>>> import autopy >>> hex(autopy.bitmap.capture_screen().get_color(1, 1)) '0xF2F2F2'
This is obviously an RGB hexadecimal value, identical those used in HTML and CSS. We could also have done:
>>> import autopy >>> autopy.color.hex_to_rgb(autopy.screen.get_color(1, 1)) (242, 242, 242)
which converts that hex value to a tuple of
(r, g, b) values. (Note that
autopy.screen.get_color(), used here, is merely a more convenient and efficient version of
To save the screen capture to a file, we can use:
>>> import autopy >>> autopy.bitmap.capture_screen().save('screengrab.png')
The filetype is either parsed automatically from the filename, or given as an optional parameter. AutoPy currently only supports the BMP and PNG filetypes, though, as those are really all that are practical for its purpose.
Loading a bitmap is done essentially the same way, only from a class method:
>>> import autopy >>> autopy.bitmap.Bitmap.open('i-am-a-monkey.png') <Bitmap object at 0x1001d5378>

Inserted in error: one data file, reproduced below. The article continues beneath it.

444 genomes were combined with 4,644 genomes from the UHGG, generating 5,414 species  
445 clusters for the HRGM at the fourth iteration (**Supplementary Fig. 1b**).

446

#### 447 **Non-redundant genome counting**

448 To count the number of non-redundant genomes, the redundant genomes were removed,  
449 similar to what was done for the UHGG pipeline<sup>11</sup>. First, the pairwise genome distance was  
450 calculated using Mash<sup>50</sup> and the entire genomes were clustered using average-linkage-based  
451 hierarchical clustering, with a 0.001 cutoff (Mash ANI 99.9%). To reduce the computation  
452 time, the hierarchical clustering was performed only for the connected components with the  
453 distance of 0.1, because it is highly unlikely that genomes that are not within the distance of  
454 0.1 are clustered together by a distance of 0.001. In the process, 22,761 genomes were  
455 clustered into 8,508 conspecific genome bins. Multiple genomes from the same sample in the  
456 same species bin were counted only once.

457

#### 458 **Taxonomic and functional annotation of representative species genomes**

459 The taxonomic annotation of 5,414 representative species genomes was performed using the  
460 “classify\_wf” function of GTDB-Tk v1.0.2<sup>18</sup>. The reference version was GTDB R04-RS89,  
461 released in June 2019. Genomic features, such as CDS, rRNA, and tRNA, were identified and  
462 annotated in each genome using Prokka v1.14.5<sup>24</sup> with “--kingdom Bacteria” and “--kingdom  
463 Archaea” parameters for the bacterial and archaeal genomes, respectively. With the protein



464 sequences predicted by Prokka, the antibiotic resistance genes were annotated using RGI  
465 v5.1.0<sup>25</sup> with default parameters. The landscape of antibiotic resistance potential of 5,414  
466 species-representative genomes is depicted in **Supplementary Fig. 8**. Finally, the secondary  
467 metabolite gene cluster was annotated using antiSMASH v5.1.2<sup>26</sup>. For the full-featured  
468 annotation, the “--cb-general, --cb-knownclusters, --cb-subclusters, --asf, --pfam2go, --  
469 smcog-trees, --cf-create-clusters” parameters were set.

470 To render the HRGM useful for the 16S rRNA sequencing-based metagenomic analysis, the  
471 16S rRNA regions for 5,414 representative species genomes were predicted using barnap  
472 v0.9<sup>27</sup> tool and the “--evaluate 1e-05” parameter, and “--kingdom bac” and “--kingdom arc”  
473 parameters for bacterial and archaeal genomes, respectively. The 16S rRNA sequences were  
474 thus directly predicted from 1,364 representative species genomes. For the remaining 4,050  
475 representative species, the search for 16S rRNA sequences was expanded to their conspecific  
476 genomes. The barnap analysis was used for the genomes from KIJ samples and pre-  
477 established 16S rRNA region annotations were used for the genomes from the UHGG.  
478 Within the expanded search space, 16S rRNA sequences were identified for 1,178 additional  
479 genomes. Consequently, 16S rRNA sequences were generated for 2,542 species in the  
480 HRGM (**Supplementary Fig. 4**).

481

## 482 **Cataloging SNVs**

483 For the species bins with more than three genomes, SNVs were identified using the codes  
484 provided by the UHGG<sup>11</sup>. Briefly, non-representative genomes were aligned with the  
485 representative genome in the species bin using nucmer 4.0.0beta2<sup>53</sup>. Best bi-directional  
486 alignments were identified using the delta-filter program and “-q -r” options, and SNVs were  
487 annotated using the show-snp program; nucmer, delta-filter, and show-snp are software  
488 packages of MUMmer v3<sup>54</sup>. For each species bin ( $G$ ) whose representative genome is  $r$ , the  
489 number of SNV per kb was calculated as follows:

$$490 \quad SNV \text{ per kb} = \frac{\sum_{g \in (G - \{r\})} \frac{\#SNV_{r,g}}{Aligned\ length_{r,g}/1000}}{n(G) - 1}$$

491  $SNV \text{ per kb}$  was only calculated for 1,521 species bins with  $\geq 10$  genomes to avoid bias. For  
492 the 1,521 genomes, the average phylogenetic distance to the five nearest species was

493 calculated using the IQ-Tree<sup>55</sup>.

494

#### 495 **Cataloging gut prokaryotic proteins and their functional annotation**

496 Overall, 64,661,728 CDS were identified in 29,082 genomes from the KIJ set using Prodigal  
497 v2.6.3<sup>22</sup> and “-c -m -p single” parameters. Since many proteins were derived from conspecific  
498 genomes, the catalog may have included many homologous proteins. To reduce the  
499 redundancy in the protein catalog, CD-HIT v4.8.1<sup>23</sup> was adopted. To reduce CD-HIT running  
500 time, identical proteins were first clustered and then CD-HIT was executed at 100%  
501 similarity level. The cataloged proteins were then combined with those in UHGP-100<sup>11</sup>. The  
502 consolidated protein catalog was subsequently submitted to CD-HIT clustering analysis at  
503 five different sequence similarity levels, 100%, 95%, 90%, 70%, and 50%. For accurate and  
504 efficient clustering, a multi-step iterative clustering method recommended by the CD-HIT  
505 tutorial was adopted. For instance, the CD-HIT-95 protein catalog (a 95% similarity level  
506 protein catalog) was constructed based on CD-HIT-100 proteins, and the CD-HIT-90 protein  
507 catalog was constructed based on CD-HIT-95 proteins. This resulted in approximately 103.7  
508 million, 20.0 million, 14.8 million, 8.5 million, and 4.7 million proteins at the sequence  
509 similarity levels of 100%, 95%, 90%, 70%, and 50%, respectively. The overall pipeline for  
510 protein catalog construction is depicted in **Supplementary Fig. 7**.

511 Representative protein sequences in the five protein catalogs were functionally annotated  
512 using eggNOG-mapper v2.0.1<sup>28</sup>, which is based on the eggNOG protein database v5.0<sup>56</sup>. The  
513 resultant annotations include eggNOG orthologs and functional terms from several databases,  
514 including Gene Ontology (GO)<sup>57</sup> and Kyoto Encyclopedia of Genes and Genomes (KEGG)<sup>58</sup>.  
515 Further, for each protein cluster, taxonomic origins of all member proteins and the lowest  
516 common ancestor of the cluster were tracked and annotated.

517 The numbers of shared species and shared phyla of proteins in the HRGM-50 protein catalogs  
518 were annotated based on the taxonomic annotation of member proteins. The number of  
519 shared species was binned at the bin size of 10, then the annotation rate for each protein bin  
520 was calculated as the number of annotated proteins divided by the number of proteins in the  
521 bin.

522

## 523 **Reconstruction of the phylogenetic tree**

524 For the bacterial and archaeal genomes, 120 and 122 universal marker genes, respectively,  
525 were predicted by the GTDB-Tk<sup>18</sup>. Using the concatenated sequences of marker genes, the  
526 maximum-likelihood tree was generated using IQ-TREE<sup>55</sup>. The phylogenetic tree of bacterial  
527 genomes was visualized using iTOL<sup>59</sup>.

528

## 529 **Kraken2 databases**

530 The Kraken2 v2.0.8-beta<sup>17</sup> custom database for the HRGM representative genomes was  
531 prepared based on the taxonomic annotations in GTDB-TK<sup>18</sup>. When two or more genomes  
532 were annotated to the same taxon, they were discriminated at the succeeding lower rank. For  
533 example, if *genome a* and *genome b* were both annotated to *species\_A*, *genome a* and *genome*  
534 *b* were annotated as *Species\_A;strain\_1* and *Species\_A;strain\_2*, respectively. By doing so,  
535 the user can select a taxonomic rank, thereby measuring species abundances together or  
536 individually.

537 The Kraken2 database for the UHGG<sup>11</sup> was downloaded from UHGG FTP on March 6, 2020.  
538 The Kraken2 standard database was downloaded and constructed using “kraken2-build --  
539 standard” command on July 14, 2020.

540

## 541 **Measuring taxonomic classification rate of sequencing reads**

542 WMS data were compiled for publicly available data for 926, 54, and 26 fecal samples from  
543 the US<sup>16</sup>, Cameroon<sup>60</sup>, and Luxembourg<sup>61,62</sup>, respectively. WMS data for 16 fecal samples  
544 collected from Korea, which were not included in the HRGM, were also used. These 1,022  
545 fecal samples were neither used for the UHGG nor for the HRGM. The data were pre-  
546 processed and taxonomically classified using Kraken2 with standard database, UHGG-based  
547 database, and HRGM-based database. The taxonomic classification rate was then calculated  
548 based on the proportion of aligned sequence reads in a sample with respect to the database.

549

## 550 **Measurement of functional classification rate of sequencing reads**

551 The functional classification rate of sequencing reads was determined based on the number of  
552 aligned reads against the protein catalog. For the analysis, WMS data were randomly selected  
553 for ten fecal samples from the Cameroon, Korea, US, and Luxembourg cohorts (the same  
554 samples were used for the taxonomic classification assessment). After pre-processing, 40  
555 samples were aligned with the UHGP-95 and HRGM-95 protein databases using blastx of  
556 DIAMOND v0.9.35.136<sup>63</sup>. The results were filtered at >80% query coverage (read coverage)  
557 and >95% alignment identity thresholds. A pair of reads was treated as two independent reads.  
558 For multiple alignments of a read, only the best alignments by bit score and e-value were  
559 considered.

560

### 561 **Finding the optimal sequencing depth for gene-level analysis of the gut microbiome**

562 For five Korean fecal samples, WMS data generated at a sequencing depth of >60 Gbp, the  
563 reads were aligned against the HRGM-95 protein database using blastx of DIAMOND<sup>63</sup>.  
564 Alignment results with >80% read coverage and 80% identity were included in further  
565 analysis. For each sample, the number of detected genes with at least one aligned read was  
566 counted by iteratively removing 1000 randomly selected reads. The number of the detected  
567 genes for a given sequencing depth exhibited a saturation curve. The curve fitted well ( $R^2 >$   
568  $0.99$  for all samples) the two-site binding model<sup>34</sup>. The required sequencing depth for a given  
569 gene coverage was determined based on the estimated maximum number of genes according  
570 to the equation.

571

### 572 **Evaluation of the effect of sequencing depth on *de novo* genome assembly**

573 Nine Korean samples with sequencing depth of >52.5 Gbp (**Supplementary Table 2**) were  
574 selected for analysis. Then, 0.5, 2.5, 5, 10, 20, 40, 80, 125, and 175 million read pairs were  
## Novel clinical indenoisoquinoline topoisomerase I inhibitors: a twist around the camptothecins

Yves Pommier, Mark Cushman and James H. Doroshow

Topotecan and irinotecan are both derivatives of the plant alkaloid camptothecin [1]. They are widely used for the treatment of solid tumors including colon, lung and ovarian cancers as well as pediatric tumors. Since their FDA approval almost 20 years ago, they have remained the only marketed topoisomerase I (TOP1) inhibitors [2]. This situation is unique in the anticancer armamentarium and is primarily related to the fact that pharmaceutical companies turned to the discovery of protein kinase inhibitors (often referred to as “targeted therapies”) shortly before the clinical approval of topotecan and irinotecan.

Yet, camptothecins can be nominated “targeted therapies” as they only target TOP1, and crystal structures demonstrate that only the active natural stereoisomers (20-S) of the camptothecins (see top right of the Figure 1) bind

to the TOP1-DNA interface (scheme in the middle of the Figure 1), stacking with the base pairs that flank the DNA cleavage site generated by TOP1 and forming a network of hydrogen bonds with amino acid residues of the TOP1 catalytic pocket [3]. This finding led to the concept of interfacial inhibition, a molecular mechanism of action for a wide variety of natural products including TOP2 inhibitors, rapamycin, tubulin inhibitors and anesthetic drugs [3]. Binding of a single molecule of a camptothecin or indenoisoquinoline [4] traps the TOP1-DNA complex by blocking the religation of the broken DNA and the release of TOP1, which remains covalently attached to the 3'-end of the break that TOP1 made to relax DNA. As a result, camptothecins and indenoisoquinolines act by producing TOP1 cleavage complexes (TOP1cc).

Sometimes it is desirable to keep a short script free of any outside dependencies. In the case of bitmaps, this can be accomplished with the
>>> autopy.bitmap.Bitmap.open('foo.png').to_string() 'b2,3,eNpjYGD4f/MwBDGA2QBcMwpt' >>> autopy.bitmap.Bitmap.from_string('b2,3,eNpjYGD4f/' 'MwBDGA2QBcMwpt') <Bitmap object at 0x12278>
This is not recommended for large bitmaps (a screenshot, for instance, is obviously way too big), but can be useful for short images used in a script you want to be very easily distributable.
Aside from analyzing a bitmap's pixel data, the main use for loading a bitmap is finding it on the screen or inside another bitmap. For example, the following prints the coordinates of the first monkey found in a barrel of monkeys (scanned from left to right, top to bottom):
import autopy def where_is_the_monkey(): """Look for the monkey. Tell me if you found it.""" monkey = autopy.bitmap.Bitmap.open('monkey.png') barrel = autopy.bitmap.Bitmap.open('barrel.png') pos = barrel.find_bitmap(monkey) if pos: print "We found him! He's here: %s" % str(pos) else: print "There is no monkey... what kind of barrel is this?" where_is_the_monkey()